Once we have our cubes in the GPU we can do intersection check in each, indexing them from a ComputeBuffer. If an intersection exists we need to store the cube in the integer matrix4x4. Since we can have the position and scale of the parent volume, all we really need to store each cube is a relative position inside the parent volume, since all cubes are the same scale of ¼ of the parent volumes scale. So we next need to parse the index of the cube in the ComputeShader to turn index 0 into 0, 1 into 1, 13 - 31, 52 - 330, ect. This parsing takes the index and transforms it into a number representing the relative position in the parent volume. 213 would be the second “floor”, the first row, and the 3rd column. 031 or 13 would be the zero “floor”, the third row and the first column. Now we have a relative position for each box which we can store in the int matrix4x4. We can spend more time parsing the numbers than unparsing them because parsing the numbers only happens once per ray, but unparsing can happen hundreds or even thousands of times per ray. To unparse we only need 3 modulo operations and 2 division operations. However we cannot simply just loop over each box in the ComputeBuffer, check for collision, and save the parsed position to the matrix because of restrictions regarding L-Values (values that appear on the left of an equal sign) being used to index an array or matrix. Since we are indexing a matrix we need the x, and y position of the matrix. A normal way of indexing this matrix in a for loop would be to increment the x position everytime we add a new variable to the matrix (which does not happen every run of the loop so we need to increment it within the for loop and not as the incrementation which runs each time the for loop runs) and if the x position is greater than the number of columns in the matrix we set the x to 0 and increment the y position. But as I said before we cannot increment a value which we use to index a matrix. While this is a significant restriction and took a while for me to find a work around, I did solve it. Since there are a maximum of 16 times when a value can be added to the matrix, we can have 16 consecutive for-loops each with a manual entry to our matrix position [x][y],  [2][0]. When we add a value to the matrix (when a sub volumetric bounding box is intersected) we break the for loop and enter the next one (with the next manually entered index for the matrix) but retain the same index for indexing the ComputeBuffer with all the sub volumetric bounding boxes. Finally, we have the intersected cubes saved and able to be quickly parsed and deciphered.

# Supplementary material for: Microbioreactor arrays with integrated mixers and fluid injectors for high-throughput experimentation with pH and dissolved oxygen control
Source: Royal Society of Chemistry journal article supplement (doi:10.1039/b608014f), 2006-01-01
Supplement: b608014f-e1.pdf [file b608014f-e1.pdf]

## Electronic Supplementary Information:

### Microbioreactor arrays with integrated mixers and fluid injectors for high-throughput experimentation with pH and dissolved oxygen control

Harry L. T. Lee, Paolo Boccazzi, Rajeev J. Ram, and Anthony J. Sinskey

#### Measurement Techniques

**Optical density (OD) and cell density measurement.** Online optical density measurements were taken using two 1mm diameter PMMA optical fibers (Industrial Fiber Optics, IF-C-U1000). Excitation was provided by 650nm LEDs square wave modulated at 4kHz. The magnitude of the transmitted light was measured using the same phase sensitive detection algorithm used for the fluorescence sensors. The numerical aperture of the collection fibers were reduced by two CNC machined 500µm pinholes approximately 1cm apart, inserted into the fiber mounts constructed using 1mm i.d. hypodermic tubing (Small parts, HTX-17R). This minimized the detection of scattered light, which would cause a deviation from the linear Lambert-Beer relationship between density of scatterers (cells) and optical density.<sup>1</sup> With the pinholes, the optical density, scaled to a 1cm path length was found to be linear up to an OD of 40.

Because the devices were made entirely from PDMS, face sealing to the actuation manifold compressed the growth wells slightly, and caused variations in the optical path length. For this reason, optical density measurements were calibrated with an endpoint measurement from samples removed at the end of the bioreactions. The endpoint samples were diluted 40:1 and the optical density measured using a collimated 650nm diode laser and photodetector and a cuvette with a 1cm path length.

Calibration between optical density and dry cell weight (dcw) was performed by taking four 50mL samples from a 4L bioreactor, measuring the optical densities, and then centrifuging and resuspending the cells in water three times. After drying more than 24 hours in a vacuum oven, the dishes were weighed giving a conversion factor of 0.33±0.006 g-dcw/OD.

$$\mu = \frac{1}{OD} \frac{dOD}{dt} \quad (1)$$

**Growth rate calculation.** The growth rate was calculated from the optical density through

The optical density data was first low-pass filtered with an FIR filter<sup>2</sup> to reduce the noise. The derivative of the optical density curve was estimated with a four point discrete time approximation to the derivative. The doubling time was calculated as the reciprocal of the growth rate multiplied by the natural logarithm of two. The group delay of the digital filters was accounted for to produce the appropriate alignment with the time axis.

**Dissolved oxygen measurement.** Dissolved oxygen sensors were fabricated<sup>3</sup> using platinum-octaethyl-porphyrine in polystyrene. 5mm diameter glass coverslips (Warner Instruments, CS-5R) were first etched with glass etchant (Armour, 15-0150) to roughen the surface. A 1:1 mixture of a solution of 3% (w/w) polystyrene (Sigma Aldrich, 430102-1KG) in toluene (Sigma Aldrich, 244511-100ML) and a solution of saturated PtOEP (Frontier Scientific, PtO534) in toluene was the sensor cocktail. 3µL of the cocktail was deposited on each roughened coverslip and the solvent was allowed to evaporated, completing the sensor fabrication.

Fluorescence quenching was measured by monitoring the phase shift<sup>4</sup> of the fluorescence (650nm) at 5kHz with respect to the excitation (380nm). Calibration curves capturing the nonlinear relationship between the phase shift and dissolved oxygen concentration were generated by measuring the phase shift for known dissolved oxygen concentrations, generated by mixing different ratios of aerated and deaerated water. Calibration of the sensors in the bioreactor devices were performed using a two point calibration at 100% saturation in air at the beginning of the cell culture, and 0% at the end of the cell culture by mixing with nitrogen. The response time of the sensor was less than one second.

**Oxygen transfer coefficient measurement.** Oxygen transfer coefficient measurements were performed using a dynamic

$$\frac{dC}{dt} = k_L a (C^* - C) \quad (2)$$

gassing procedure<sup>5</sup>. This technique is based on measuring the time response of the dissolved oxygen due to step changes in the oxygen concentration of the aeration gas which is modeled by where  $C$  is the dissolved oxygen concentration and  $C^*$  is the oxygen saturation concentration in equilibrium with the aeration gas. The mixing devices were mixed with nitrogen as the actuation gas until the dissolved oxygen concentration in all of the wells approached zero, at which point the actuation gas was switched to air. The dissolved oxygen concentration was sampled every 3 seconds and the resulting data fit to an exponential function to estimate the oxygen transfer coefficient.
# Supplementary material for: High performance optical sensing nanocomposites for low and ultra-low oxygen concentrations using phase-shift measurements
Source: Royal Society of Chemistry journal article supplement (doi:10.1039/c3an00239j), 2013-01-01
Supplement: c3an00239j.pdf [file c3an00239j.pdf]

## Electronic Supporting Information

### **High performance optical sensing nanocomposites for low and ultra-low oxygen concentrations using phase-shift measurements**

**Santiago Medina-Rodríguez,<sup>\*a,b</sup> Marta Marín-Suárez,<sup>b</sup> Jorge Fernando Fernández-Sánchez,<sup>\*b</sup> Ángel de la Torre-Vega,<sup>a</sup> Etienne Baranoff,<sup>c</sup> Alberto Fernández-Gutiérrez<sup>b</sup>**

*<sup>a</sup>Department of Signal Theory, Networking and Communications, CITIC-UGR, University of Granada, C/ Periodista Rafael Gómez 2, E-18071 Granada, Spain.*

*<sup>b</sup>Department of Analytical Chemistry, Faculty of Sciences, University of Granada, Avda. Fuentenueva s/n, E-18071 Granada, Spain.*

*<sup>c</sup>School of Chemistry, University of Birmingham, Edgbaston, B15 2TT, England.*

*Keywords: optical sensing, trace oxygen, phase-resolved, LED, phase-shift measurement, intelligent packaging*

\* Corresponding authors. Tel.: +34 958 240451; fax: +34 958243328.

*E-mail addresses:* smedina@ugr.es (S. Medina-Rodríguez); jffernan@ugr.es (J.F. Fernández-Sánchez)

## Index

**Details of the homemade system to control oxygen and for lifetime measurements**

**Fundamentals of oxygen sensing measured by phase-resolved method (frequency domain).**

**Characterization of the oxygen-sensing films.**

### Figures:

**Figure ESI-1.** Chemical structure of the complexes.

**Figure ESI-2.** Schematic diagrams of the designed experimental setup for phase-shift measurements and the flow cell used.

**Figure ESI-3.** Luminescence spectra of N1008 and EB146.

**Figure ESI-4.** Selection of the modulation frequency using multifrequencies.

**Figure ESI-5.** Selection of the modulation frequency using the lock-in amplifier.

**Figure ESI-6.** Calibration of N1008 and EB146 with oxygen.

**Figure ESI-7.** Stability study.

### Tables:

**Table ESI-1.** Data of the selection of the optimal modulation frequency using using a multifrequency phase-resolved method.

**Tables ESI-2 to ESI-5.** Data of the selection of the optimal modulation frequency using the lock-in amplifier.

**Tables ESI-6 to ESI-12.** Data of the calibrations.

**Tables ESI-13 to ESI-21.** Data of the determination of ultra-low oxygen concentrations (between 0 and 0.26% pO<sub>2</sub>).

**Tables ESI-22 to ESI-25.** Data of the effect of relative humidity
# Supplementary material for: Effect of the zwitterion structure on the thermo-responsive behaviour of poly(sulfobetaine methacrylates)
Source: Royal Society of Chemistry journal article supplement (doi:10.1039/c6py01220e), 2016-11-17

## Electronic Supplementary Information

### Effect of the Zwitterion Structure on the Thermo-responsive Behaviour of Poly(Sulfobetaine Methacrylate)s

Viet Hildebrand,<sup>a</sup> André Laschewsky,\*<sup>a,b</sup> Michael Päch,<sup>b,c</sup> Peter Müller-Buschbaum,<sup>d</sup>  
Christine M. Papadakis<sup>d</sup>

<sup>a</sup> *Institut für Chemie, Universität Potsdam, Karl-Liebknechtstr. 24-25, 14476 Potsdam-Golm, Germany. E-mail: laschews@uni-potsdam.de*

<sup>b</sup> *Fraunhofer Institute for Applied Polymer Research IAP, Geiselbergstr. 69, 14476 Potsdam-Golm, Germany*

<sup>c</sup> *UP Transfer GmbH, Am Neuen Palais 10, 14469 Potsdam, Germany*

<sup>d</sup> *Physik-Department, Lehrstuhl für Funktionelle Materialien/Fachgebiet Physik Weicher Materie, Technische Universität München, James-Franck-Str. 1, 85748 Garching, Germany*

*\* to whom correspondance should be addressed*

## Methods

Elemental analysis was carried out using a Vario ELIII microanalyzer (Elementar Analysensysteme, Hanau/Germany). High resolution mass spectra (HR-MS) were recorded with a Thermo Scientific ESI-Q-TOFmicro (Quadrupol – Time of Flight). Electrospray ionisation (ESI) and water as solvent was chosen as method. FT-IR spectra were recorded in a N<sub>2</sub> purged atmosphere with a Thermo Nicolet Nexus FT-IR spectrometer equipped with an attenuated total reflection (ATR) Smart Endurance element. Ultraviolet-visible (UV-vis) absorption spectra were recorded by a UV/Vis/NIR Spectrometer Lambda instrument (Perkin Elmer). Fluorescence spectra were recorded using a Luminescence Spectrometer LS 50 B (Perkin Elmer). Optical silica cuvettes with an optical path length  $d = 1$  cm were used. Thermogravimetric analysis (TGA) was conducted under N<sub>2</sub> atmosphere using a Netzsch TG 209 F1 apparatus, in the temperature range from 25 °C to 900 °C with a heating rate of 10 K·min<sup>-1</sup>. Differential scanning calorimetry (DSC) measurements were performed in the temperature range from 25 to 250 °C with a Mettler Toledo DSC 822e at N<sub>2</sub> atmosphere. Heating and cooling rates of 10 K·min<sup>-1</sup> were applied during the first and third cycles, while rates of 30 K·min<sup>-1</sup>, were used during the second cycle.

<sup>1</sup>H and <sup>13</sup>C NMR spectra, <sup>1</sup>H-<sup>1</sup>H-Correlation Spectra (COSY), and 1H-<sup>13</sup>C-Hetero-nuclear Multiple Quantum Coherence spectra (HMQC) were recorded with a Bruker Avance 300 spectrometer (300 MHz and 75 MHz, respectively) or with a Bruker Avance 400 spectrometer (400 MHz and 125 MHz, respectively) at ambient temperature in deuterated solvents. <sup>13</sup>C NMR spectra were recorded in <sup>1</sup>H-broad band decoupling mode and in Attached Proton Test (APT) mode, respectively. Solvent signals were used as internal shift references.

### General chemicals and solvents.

Step 3:

Now we must convert the saved matrix values to usable cube data with a maximum and minimum vertex position. All we need to check if a triangle is within a cube. We can unparse the matrix values like so: let the value be 221 we know the relative Y value is 2, the relative Z value is 2, and the relative X value is 1. Knowing the world position and scale of the parent box we can get the world position and scale of each sub box, and then find their maximum and minimum vertex positions. Now when we check each triangle to see if it is inside of any intersected sub boxes. However, there is a problem in this step [SEE PROBLEMS]. 


The largest problem facing the implementation of the system is that it will not work on some meshes. When checking if a triangle is inside of a bounding box we have two strategies. Check if the triangle and cube intersect, or check if any of the points of the triangle are within the cube. If we check if the triangle and cube intersection we may as well skip the whole acceleration structure and check the ray and triangle as they take equally long, but if we check to see if a vertex is within a bounding cube the acceleration structure saves a good amount of processing time. If all vertices are outside of the bounding cube, but the triangle intersects with the cube however, the algorithm will not check that triangle even though it should. 


Sadly the cases where this accelerator was too far and few between, and on the meshes it did function correctly it did not run too much faster.